Record water levels were pressing down on a crucial flood barrier in Pakistan's Sindh province last night as monsoon rains showed no sign of easing – adding to the vast surge of water bearing down on towns and villages.
As officials said the amount of water coming down the Sukkur Barrage was already more than 150 per cent the maximum it was designed to withstand, the UN estimated that almost 14 million people were now feeling the impact of the floods. A UN spokesman, Maurizio Giuliano, told AP that, if so, the total affected would exceed the number hit by the 2004 Indian Ocean tsunami, the 2005 earthquake in Kashmir and the quake in Haiti combined.
So far, the death toll from the floods is around 1,500, but Pakistan's Prime Minister, Yousuf Gilani, said yesterday the disaster represented a bigger crisis than the 2005 Kashmir earthquake that killed nearly 80,000 people and the army's operation against the Taliban in the Swat Valley last spring that forced two million people from their homes.
"The magnitude of the tragedy is so immense that it is hard to assess," he said, while visiting the city of Multan. "Millions of people have suffered, and still there is more rain and further losses are feared. I appeal to the world to help us. We are doing what we can. The government has done everything possible but it is beyond our capacity – we are facing an extremely difficult situation."
Such comments will do little to ease the desperation of those caught up in the disaster, increasingly furious at what many consider a lacklustre response by the authorities. In particular, President Asif Ali Zardari, who is due to return to Pakistan imminently, has faced criticism for failing to postpone a foreign visit to help grapple with the humanitarian challenge created by the country's worst floods on record.
Even now, thousands of people remain stranded. Rescue workers said yesterday that they had still been unable to reach up to 600,000 people marooned in the Swat Valley, barely 100 miles from Islamabad, where aid groups are resorting to the use of donkeys to carry supplies. It is barely 15 months since hundreds of thousands of people fled the valley as troops moved in to oust Taliban fighters who had taken control of the former tourist haven.
Bad weather has grounded helicopters, among them US military choppers being flown on humanitarian missions. Elsewhere in the north-west, hillsides denuded of tree cover as a result of over-logging have started to slip and slide, triggering mud surges that have buried several dozen people.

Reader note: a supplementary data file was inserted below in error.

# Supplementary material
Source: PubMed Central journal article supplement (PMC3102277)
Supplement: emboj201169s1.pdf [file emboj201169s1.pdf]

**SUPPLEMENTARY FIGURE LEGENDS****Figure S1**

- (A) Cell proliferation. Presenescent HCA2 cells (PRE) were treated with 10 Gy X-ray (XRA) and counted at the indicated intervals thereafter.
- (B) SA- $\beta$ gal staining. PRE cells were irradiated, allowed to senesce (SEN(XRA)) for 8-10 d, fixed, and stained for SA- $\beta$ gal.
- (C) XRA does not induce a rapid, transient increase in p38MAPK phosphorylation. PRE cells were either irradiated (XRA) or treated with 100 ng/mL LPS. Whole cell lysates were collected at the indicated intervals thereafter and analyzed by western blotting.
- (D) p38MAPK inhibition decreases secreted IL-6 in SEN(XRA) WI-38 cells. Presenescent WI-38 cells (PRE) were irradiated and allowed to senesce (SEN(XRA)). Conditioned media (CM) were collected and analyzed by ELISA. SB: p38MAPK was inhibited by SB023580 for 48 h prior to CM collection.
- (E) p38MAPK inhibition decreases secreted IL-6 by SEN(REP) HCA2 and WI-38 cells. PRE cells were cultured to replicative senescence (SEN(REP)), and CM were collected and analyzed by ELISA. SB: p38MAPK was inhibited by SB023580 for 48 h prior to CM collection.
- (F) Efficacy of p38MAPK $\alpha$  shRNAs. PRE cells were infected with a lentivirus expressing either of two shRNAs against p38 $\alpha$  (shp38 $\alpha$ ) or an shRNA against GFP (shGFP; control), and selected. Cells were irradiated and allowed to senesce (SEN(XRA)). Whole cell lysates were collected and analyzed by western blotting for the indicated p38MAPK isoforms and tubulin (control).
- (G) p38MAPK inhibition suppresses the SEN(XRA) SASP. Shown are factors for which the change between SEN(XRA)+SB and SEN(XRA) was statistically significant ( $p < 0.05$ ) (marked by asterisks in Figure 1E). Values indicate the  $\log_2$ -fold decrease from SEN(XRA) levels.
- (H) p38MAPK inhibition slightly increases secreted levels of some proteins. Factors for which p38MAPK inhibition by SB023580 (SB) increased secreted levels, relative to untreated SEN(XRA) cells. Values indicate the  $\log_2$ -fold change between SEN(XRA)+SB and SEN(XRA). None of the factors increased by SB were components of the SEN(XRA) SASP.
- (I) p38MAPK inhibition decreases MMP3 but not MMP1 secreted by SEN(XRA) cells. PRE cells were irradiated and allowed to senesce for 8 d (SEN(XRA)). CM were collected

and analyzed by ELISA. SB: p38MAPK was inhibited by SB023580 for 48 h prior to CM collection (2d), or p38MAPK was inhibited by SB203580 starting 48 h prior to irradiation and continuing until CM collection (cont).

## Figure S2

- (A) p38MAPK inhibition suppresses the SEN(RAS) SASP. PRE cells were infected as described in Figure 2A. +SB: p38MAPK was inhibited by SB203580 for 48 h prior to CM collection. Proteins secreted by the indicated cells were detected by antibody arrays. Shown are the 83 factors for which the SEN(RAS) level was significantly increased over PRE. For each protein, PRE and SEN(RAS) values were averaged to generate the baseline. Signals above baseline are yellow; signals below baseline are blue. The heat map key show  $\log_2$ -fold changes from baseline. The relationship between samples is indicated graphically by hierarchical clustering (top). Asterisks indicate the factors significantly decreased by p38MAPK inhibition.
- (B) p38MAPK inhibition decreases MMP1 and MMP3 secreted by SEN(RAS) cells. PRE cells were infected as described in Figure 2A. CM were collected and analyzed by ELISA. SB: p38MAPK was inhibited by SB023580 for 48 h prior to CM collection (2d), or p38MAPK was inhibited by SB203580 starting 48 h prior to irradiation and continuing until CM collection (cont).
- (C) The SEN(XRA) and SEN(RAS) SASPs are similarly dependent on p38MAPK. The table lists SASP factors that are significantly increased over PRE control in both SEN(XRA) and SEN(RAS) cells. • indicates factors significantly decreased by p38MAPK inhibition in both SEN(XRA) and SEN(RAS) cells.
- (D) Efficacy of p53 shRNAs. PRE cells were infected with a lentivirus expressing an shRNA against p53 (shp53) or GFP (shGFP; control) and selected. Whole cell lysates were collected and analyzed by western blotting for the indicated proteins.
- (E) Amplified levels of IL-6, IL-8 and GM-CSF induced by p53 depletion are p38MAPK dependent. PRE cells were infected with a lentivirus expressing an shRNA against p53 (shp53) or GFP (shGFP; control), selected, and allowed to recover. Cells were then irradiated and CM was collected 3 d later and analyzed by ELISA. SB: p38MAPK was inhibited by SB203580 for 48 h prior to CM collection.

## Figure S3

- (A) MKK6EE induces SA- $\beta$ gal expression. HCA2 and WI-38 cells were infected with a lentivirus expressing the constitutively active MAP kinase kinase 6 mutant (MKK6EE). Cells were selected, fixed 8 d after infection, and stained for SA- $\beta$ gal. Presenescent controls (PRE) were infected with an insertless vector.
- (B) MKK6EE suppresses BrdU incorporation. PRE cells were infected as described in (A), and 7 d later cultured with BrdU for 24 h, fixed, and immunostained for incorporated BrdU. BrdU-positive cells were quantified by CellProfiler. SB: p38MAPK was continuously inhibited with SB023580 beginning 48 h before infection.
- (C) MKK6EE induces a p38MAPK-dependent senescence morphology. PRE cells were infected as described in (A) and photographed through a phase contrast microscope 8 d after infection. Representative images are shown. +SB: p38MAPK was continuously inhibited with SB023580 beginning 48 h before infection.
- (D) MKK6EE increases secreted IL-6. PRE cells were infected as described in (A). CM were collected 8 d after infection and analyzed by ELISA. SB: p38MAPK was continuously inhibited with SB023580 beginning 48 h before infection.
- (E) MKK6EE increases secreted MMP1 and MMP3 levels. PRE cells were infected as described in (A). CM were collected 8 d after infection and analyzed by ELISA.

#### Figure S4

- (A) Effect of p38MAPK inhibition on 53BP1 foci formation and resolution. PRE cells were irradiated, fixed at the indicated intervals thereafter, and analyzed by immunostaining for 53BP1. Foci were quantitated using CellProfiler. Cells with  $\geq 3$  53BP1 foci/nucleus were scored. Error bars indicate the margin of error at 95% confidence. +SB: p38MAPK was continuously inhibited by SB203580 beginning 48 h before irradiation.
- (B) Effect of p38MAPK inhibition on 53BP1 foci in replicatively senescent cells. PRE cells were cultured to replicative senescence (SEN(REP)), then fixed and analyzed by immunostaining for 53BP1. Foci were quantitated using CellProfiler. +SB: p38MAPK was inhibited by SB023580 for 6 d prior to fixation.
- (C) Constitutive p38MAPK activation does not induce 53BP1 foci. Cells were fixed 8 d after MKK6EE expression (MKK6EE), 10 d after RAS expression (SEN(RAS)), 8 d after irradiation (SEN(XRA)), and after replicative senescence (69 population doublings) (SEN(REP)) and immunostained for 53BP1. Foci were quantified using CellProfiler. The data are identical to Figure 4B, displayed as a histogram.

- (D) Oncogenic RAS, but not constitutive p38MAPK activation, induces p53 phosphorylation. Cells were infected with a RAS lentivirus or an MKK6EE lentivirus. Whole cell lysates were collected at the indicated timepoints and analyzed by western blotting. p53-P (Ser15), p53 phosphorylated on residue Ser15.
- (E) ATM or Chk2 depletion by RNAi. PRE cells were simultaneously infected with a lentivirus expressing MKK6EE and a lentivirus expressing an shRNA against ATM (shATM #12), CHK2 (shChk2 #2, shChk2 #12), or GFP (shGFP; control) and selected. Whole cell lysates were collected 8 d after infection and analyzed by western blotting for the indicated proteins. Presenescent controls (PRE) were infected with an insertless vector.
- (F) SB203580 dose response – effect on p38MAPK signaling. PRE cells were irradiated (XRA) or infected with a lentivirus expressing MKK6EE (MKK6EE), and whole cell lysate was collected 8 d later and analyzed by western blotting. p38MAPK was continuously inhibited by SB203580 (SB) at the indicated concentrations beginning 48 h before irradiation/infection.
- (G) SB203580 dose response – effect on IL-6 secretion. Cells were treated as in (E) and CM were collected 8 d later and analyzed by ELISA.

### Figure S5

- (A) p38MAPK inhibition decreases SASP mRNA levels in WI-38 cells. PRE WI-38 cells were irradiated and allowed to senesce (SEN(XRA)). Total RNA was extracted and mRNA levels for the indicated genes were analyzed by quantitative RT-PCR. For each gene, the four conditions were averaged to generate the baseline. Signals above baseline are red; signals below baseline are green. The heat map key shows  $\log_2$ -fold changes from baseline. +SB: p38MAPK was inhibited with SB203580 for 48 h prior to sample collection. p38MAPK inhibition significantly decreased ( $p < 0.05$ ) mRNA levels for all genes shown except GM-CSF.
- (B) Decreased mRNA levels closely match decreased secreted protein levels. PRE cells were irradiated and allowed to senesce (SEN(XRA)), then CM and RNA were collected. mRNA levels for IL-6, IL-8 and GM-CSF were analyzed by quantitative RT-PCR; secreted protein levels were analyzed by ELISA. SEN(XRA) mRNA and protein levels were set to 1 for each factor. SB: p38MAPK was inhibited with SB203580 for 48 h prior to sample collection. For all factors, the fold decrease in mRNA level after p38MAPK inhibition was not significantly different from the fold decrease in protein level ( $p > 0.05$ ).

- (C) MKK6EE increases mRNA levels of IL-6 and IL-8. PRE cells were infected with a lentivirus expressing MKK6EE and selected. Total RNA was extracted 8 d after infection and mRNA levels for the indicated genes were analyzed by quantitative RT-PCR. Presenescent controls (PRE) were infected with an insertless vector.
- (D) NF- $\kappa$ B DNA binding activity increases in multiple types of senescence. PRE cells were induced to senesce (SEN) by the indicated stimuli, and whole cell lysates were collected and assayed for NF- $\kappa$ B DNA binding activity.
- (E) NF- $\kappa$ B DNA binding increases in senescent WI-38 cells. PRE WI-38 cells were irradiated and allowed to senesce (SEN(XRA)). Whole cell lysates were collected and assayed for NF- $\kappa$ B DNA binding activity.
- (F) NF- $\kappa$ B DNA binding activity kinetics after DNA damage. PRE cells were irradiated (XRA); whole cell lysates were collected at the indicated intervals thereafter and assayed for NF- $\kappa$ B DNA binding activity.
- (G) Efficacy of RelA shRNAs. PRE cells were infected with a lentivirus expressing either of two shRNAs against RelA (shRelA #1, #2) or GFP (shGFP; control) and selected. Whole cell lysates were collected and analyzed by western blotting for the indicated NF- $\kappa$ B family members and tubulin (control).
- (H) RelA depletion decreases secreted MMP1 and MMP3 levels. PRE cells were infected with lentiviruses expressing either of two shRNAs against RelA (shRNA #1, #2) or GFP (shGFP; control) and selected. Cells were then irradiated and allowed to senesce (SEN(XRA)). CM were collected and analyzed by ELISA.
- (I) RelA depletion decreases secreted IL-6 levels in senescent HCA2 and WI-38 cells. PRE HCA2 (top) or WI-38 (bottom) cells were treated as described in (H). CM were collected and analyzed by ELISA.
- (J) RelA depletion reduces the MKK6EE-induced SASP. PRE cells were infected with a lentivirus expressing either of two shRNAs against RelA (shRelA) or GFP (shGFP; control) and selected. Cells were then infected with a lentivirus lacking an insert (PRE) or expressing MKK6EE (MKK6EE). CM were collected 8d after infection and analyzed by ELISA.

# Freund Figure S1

While the high waters have started to recede in some parts of the north-west, the area worst struck by the flooding, elsewhere the crisis is deepening. In the provinces of Sindh and Punjab, hundreds of thousands of people have been evacuated. One aid group yesterday said that half of all the emergency camps set up by the authorities had now been abandoned because waters continued to rise. "Most people are now on the road," said Rashid Javed, of Plan International. "Around 50 per cent of camps are no longer safe. People have had to evacuate in [an] emergency; now more than 80 per cent of them are living outside camps, on roadsides, high ground, wherever they can. It's extremely dangerous and distressing for all."
Amid the huge, bewildering devastation faced by so many, activists have voiced concern for some of Pakistan's rarest wildlife. With so much water flooding down the Indus, the Sindh Wildlife Department and some NGOs have warned that endangered blind Indus dolphins could slip in to canals and feeder rivers, leading to fatalities.
India has asked the Pakistani army for help after around 30 of its soldiers deployed on the Line of Control in Indian-controlled Kashmir were swept away – possibly into Pakistan-administered Kashmir – by separate flooding that has killed more than 150 people and left several hundred missing.